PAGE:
Published 21st December 2011, 14:49
Sciencey , Splurge
Well well well. Look who’s not dead! ME, bitches.
The guns of my scientific rage fell silent this year due to a spectacularly bad year with one thing after another. But I will be back with more shortly. This isn’t just a promise. It’s a threat. Yeah.
But I have just written to my MP about libel reform which is an incredibly important issue in the wider context but especially for those who care at all about STEM (see below). The current state of affairs is extraordinarily bad for STEM and needs drastic work. There are many who have dedicated much more time to the issue, have written extensively, and actually acheived a lot of support for libel reform. I advise reading their work to learn more. This is just the text of my own personal support for the cause.
Continue reading ‘Libel Reform’
Published 19th January 2011, 14:55
Sciencey , Splurge
That’s right. This post is about how you are not the person that you thought you were. In fact, you’re only about 10% the person that you thought you were.
This week, I have been delighted to play host to a rather nasty bug that seems to be doing the rounds at the moment. As well as feeling generally pants, I did also manage to rather spectacularly essentially get sick in my own eye. This was as unpleasant and painful as you might think.
Of course, when we say bug we’re not really referring to hemipteran insects (thanks, Wiki!). We actually mean some microbial infection (usually a virus when we talk about having bugs). So as I sat on the bathroom wondering if I’d washed my eye with enough bleach to truly sterilise it (Legal disclaimer: please, please don’t do this at home. At least, not in my home), I found myself hating our microbial cousins. However, once my vomit-vision had cleared up my hostility also vanished, and I decided to write this post about the “point” of bacteria and viruses. It’s not so much going to be about the general biology, but more about how they impact positively on us humans.
Continue reading ‘Not As Human As You Think You Are’
One of the things that is almost guaranteed to make me want to set fire to a newspaper is when a story (or worse, a headline) uses the phrase “scientists say”. You can be fairly sure that what follows is going to be spurious, nebulous and any other negative words that end in -ous. However, whilst I do hold papers responsible for crappy reporting as it should be their duty to research their output, I also recognise that there probably is a misconception in the wider public about the “scientists say” myth.
To boil it down, it seems to me that this “scientists say” idea has, at its core, a misunderstanding of how the scientific community gels together and how ideas, experimental data and fundamental concepts all flow around and are interconnected. To be honest, it’s no surprise that people who aren’t scientists don’t just automatically know this. After all, you don’t know how an industry works until you are actually immersed in it yourself.
Continue reading ‘I Say’
Published 1st November 2010, 13:08
Sciencey , Splurge
Tags: cancer, research, shame
Unfortunately, crappy science can come from all around. It is a particular slap in the face when it comes from your own institution and covers a topic you kind of care about.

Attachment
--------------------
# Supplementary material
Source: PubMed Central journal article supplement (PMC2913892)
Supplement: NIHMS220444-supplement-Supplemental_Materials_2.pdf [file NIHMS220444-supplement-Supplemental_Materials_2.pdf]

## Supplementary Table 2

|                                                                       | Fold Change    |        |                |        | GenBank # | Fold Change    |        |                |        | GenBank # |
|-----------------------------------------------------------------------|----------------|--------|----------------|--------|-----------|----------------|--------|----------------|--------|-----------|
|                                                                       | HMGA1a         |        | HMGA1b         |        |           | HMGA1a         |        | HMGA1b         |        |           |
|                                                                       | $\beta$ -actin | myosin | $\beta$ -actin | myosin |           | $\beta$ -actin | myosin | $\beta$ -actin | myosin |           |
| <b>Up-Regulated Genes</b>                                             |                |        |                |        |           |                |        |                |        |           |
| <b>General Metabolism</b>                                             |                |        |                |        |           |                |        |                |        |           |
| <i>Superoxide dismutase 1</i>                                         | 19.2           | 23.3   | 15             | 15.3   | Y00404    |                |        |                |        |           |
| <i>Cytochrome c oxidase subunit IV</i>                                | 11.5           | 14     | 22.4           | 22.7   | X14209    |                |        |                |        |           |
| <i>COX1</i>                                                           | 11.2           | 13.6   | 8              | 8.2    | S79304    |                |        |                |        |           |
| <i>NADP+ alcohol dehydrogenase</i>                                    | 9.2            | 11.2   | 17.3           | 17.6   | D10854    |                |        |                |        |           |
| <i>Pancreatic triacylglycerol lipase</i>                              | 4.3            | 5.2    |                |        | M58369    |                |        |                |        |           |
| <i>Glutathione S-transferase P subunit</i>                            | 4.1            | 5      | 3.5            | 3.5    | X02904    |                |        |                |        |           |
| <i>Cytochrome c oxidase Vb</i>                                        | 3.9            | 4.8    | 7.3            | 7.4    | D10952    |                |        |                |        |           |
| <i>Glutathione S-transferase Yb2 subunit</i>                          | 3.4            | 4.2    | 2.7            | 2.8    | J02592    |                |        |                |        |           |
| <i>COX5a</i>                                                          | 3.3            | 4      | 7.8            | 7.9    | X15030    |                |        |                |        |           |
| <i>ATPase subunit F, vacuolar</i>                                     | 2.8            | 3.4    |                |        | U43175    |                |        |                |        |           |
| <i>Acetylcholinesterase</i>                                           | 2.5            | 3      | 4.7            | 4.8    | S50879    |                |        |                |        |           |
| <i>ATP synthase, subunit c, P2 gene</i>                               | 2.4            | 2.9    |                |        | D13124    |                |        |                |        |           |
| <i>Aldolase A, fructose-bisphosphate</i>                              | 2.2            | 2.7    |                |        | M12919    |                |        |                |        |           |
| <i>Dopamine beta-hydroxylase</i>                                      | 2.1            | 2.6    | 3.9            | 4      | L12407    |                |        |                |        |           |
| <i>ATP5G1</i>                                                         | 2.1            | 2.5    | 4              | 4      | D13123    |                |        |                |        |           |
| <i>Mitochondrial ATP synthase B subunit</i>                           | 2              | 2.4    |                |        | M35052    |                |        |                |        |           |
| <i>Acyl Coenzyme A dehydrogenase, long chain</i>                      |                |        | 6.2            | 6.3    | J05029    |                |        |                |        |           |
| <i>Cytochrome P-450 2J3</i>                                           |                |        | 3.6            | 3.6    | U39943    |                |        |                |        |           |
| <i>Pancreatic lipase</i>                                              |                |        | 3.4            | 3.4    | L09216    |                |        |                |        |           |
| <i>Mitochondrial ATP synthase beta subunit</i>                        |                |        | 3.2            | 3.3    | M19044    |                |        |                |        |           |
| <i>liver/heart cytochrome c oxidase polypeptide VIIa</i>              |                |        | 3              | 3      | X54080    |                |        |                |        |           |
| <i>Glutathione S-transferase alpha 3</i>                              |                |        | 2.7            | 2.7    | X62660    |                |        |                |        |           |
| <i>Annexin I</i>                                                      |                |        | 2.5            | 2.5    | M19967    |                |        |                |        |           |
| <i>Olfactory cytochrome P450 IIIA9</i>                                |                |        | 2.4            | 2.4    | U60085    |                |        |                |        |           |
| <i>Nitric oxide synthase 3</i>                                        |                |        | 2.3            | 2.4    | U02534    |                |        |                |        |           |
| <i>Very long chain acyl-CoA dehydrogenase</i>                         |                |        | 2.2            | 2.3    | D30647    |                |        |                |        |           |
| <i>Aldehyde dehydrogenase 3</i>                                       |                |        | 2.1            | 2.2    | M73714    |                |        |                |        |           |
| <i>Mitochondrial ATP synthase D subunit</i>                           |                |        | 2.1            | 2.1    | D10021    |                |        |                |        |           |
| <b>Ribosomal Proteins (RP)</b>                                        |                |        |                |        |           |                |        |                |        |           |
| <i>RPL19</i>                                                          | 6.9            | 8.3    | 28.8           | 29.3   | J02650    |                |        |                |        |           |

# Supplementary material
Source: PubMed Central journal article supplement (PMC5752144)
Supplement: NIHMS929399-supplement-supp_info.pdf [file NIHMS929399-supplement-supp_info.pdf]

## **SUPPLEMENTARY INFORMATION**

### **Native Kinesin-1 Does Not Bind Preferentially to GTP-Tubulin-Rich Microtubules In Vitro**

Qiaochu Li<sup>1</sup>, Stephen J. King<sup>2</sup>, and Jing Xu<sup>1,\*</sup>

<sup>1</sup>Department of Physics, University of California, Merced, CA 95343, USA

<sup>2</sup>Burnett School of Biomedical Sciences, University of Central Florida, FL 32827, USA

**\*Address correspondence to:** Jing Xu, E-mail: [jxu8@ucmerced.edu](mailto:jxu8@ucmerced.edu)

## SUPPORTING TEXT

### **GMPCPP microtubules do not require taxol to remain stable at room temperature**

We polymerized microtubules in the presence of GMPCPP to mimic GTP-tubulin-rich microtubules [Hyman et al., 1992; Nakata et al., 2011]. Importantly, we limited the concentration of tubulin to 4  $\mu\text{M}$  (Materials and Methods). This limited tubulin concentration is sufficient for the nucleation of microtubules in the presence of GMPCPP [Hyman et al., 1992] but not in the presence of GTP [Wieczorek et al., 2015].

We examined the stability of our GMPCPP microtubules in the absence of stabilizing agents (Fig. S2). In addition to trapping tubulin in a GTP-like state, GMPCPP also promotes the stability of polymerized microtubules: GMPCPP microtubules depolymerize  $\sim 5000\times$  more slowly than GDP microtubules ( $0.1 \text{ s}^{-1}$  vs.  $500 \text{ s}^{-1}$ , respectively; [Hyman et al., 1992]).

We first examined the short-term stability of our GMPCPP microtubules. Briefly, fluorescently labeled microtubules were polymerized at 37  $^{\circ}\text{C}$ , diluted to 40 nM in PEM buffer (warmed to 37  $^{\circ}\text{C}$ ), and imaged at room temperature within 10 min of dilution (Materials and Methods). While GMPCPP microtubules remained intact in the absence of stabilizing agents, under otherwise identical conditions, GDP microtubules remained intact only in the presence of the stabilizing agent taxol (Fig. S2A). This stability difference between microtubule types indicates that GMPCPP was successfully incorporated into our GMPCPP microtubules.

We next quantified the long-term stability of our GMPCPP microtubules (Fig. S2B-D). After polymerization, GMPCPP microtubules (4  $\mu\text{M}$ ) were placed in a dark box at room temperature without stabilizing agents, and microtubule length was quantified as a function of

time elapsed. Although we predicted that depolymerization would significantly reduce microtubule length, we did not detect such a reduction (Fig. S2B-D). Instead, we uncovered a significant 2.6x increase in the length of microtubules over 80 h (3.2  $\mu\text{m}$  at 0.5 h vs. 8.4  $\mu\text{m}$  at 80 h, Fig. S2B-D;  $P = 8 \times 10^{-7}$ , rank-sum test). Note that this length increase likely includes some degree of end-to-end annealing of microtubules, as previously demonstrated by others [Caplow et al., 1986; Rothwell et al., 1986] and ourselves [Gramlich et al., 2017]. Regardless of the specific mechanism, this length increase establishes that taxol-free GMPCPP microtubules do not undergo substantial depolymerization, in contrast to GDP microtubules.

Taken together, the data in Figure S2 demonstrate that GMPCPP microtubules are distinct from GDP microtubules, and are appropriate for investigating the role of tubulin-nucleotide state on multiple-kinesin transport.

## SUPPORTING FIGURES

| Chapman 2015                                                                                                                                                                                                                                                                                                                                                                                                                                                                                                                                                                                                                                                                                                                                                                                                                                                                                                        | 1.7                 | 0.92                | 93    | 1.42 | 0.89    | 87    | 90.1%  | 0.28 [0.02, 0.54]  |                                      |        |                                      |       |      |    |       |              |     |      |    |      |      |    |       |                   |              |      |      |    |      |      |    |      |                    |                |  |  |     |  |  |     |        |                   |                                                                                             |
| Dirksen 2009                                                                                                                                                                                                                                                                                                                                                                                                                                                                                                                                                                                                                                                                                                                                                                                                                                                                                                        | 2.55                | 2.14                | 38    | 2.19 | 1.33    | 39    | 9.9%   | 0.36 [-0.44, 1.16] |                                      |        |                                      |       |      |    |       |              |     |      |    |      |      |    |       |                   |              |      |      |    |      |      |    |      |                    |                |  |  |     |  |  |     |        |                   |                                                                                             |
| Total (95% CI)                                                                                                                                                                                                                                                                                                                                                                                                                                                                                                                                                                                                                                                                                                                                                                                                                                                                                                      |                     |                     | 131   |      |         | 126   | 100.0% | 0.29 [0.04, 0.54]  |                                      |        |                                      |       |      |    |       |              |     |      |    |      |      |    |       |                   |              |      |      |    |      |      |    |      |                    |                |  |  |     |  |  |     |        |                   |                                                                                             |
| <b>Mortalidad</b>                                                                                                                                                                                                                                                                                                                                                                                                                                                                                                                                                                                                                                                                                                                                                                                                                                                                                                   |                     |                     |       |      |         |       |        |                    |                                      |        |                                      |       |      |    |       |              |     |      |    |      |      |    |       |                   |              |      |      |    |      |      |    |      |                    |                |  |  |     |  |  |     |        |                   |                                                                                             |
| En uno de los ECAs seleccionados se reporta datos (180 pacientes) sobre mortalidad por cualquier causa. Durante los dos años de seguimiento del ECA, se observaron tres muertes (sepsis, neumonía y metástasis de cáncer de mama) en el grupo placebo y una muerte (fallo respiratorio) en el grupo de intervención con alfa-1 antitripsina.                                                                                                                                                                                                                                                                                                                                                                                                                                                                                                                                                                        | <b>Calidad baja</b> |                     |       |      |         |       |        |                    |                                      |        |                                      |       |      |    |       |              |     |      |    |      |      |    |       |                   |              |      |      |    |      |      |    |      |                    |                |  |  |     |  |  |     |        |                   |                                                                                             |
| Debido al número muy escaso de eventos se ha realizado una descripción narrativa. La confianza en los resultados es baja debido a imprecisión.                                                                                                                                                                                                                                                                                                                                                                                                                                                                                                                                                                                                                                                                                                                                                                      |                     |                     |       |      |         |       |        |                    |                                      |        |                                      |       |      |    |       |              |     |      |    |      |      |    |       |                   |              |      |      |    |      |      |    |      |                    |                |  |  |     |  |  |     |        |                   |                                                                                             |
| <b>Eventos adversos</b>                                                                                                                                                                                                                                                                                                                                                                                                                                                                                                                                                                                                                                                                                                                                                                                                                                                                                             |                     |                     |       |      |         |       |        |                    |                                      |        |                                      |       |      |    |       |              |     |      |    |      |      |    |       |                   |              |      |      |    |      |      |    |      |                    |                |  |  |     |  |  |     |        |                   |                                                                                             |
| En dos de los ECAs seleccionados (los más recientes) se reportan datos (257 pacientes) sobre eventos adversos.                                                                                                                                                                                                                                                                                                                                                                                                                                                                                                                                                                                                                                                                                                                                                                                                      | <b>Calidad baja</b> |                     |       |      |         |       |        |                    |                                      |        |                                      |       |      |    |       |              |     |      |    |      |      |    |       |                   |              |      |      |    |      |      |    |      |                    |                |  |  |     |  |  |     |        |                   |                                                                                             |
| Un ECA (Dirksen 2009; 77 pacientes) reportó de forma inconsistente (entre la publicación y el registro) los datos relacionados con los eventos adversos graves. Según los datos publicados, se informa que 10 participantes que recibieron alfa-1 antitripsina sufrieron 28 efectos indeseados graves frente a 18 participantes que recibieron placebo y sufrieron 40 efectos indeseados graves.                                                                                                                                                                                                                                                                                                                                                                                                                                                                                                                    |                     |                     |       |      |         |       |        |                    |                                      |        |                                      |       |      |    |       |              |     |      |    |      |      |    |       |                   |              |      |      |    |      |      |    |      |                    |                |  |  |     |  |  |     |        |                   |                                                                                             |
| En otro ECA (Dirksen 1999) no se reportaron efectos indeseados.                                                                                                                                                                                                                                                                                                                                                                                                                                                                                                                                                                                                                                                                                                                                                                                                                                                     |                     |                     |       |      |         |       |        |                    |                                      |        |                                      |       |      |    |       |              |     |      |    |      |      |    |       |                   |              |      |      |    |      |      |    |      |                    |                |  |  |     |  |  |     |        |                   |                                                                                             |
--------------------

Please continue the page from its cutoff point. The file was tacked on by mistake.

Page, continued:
And so, with a heavy heart, we must turn to look at Professor Rosalie David’s recent headline-grabbing, stillborn offering in the maternity ward of science. You may well have seen the recent reports in the papers that cancer is a “man-made” disease. The source of this story comes from a University of Manchester press release publicising a recent publication in Nature Reviews Genetics by Prof. David, who is at the University.
I know that I have bashed the way the national press handle science stories before, but in this instance I don’t think that they’re particularly culpable for the negligence displayed in this case. Unfortunately, I lay the blame with the University’s press office and with Prof. David herself.
Continue reading ‘Mummies. Cancer. Bollocks!’
Published 28th September 2010, 14:57
Tags: philosophy, religion
God, eh? What’s that all about then? In this post I want to talk about the uneasy relationship between science and religion in the modern world.
I don’t think that science and religion have ever made particularly cosy bed fellows, and I doubt they ever will. But in many ways I think that this could, and should, be a non-issue. Just to lay my cards on the table, I’d consider myself a fairly staunch atheist. It would, quite literally, require a miracle to turn me into a theist. Now, contrary to what you might be expecting, I am not actually going to launch into an anti-religious screed. Probably.
Continue reading ‘Preach the Controversy’
Published 23rd September 2010, 14:04
Tags: alt-med, quackery, scientific methodology
The title of this post is a quote from Wolfgang Pauli. It was the ultimate scientific smackdown in response to a terrible paper, which was vague and unfalsifiable.
Based only on Pauli’s quote, let’s then take these 3 statements:
A) Pauli was not supportive of the paper
B) Pauli was supportive of the paper
C) Pauli’s favourite Care Bear would have been TenderHeart Bear, had he not died in 1958.
Of course, A) is right B) is wrong and C) is not even wrong. Essentially, C) isn’t wrong but it certainly isn’t right. It is a disconnected supposition based on… well, nothing. We have no evidence to even begin to test the idea that Pauli would have loved TenderHeart Bear.
Continue reading ‘This isn’t right. This isn’t even wrong.’
Published 16th September 2010, 16:08
Tags: cancer, media, research
Right. The Daily Express. You know, that suppositry that thinks it’s a newspaper? Well, today it carries the headline “ASPIRIN STOPS BOWEL CANCER“. Apparently Princess Diana was unavailable for comment.
Whatever about bowel cancer, I can always spot the work of an arsehole.
Continue reading ‘Express Your Contempt’